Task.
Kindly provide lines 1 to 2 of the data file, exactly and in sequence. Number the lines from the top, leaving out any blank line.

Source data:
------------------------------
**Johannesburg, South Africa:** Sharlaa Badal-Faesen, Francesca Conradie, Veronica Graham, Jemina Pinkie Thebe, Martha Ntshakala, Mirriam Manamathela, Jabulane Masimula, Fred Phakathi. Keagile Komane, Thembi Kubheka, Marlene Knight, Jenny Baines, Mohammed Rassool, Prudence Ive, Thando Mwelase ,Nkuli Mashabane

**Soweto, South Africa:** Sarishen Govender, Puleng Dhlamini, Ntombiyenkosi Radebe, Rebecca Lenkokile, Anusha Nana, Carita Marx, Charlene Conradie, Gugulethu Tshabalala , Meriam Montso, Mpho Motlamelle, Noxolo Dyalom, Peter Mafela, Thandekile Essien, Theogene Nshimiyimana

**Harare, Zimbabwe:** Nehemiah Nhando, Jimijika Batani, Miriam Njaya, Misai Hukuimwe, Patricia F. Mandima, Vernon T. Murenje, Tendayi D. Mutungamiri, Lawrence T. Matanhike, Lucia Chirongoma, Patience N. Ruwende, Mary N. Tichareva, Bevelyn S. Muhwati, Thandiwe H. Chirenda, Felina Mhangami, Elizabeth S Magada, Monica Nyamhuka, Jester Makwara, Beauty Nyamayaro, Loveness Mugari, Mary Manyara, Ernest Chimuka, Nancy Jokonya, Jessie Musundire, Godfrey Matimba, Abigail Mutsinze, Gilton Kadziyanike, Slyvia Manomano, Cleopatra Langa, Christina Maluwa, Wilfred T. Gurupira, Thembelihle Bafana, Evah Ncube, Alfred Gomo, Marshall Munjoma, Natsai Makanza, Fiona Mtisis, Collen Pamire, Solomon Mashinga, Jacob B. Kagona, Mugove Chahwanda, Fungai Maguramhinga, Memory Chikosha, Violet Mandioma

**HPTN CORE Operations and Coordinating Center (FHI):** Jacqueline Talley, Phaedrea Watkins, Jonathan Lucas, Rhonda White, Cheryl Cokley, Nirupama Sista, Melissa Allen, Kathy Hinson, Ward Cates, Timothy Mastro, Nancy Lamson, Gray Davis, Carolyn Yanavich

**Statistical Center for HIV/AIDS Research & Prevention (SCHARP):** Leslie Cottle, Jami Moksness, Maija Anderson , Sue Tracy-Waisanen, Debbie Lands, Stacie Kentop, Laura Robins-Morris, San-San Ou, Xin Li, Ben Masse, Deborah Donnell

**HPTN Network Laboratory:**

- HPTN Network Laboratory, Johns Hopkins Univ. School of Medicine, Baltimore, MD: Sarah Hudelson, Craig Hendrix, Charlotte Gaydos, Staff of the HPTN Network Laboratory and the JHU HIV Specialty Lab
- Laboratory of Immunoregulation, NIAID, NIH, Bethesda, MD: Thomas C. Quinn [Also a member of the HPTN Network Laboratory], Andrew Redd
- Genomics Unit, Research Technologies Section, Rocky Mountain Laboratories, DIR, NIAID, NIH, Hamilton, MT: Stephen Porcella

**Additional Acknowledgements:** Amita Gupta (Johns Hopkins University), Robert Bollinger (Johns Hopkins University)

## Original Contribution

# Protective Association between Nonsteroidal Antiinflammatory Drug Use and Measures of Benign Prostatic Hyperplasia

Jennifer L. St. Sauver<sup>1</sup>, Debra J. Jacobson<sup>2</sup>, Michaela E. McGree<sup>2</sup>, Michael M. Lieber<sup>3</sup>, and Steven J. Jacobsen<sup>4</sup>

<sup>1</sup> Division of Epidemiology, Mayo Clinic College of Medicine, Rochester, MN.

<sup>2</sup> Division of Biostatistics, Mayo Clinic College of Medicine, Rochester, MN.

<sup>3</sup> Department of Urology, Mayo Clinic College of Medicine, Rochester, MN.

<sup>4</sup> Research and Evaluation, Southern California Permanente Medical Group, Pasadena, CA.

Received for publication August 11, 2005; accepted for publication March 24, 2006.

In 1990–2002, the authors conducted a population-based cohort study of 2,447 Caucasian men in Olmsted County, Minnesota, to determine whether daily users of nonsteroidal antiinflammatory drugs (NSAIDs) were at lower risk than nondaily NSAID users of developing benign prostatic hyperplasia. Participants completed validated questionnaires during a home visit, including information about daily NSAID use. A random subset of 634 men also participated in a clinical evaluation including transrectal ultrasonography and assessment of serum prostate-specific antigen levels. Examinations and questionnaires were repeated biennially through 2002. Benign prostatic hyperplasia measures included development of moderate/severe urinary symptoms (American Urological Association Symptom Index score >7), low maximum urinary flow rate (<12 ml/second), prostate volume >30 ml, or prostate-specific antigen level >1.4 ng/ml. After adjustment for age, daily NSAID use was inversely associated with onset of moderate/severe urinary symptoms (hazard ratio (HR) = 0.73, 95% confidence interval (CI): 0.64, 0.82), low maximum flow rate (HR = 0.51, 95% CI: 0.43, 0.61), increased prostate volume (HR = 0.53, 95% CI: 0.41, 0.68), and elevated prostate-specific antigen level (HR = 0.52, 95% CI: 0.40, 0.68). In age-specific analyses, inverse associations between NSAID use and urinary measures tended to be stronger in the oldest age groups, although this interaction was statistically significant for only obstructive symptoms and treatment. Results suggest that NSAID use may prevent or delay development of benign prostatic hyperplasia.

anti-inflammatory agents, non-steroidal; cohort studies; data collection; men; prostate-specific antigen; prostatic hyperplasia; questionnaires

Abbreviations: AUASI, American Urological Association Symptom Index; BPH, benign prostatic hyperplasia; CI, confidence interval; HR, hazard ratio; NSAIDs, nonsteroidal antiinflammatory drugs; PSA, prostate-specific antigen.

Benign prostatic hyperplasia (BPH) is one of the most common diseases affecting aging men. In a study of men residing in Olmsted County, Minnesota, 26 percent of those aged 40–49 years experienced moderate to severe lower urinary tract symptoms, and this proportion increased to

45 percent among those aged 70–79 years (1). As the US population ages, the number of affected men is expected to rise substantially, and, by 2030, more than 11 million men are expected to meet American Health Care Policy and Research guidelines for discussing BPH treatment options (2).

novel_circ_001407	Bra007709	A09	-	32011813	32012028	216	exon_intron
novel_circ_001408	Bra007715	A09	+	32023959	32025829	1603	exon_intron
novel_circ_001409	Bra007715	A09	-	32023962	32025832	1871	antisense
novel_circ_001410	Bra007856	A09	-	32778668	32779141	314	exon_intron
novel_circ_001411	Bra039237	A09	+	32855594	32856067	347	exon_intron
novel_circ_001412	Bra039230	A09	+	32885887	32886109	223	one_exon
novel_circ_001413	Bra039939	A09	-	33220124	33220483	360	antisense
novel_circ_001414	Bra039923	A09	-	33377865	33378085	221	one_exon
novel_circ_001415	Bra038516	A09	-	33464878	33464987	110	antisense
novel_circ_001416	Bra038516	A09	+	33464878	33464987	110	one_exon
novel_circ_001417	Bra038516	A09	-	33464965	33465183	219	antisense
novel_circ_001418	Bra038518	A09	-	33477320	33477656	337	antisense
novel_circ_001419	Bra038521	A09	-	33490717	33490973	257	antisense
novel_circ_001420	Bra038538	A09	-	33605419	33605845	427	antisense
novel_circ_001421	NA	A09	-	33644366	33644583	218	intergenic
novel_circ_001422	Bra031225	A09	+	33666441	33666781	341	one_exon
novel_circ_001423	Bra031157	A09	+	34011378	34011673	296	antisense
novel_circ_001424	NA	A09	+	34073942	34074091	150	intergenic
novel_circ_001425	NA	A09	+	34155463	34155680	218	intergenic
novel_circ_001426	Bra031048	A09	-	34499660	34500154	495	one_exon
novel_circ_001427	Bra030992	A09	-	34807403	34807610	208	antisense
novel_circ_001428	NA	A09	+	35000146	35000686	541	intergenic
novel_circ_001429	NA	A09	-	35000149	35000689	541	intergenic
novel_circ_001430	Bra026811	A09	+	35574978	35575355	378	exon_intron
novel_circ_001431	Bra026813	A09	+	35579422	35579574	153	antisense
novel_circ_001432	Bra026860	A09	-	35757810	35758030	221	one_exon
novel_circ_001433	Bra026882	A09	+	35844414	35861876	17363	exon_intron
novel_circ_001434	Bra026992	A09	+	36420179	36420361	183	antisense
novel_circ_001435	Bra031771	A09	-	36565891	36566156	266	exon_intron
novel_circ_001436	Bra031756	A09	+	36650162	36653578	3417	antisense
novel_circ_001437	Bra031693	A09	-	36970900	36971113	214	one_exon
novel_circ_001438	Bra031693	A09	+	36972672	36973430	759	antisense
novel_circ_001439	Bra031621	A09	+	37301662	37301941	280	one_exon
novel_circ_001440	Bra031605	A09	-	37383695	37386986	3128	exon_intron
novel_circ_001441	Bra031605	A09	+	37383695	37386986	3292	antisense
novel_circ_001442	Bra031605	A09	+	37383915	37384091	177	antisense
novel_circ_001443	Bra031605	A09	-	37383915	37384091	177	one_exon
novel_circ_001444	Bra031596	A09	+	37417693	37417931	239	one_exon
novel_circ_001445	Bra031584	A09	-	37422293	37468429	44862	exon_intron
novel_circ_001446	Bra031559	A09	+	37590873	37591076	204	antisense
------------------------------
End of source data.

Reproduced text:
**Johannesburg, South Africa:** Sharlaa Badal-Faesen, Francesca Conradie, Veronica Graham, Jemina Pinkie Thebe, Martha Ntshakala, Mirriam Manamathela, Jabulane Masimula, Fred Phakathi. Keagile Komane, Thembi Kubheka, Marlene Knight, Jenny Baines, Mohammed Rassool, Prudence Ive, Thando Mwelase ,Nkuli Mashabane

**Soweto, South Africa:** Sarishen Govender, Puleng Dhlamini, Ntombiyenkosi Radebe, Rebecca Lenkokile, Anusha Nana, Carita Marx, Charlene Conradie, Gugulethu Tshabalala , Meriam Montso, Mpho Motlamelle, Noxolo Dyalom, Peter Mafela, Thandekile Essien, Theogene Nshimiyimana